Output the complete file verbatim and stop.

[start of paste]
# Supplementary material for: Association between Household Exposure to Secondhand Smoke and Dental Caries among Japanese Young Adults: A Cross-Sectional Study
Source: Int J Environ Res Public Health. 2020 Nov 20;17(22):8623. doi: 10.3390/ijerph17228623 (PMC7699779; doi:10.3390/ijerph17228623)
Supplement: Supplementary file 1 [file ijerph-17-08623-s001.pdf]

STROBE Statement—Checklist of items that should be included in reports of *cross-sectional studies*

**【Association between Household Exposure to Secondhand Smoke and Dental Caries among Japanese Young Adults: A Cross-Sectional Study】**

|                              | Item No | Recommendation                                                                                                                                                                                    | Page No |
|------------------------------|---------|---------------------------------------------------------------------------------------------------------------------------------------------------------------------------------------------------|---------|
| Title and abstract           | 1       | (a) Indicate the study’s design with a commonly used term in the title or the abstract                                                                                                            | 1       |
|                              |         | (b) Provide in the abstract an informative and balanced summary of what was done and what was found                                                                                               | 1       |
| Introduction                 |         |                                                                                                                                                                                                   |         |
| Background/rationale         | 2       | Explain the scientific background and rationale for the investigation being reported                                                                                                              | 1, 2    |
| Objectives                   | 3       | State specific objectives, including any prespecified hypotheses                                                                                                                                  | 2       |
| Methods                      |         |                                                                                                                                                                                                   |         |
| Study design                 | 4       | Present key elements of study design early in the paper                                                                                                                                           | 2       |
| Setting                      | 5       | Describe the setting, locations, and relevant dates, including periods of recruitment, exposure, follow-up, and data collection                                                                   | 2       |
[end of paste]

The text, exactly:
# Supplementary material for: Association between Household Exposure to Secondhand Smoke and Dental Caries among Japanese Young Adults: A Cross-Sectional Study
Source: Int J Environ Res Public Health. 2020 Nov 20;17(22):8623. doi: 10.3390/ijerph17228623 (PMC7699779; doi:10.3390/ijerph17228623)
Supplement: Supplementary file 1 [file ijerph-17-08623-s001.pdf]

STROBE Statement—Checklist of items that should be included in reports of *cross-sectional studies*

**【Association between Household Exposure to Secondhand Smoke and Dental Caries among Japanese Young Adults: A Cross-Sectional Study】**

|                              | Item No | Recommendation                                                                                                                                                                                    | Page No |
|------------------------------|---------|---------------------------------------------------------------------------------------------------------------------------------------------------------------------------------------------------|---------|
| Title and abstract           | 1       | (a) Indicate the study’s design with a commonly used term in the title or the abstract                                                                                                            | 1       |
|                              |         | (b) Provide in the abstract an informative and balanced summary of what was done and what was found                                                                                               | 1       |
| Introduction                 |         |                                                                                                                                                                                                   |         |
| Background/rationale         | 2       | Explain the scientific background and rationale for the investigation being reported                                                                                                              | 1, 2    |
| Objectives                   | 3       | State specific objectives, including any prespecified hypotheses                                                                                                                                  | 2       |
| Methods                      |         |                                                                                                                                                                                                   |         |
| Study design                 | 4       | Present key elements of study design early in the paper                                                                                                                                           | 2       |
| Setting                      | 5       | Describe the setting, locations, and relevant dates, including periods of recruitment, exposure, follow-up, and data collection                                                                   | 2       |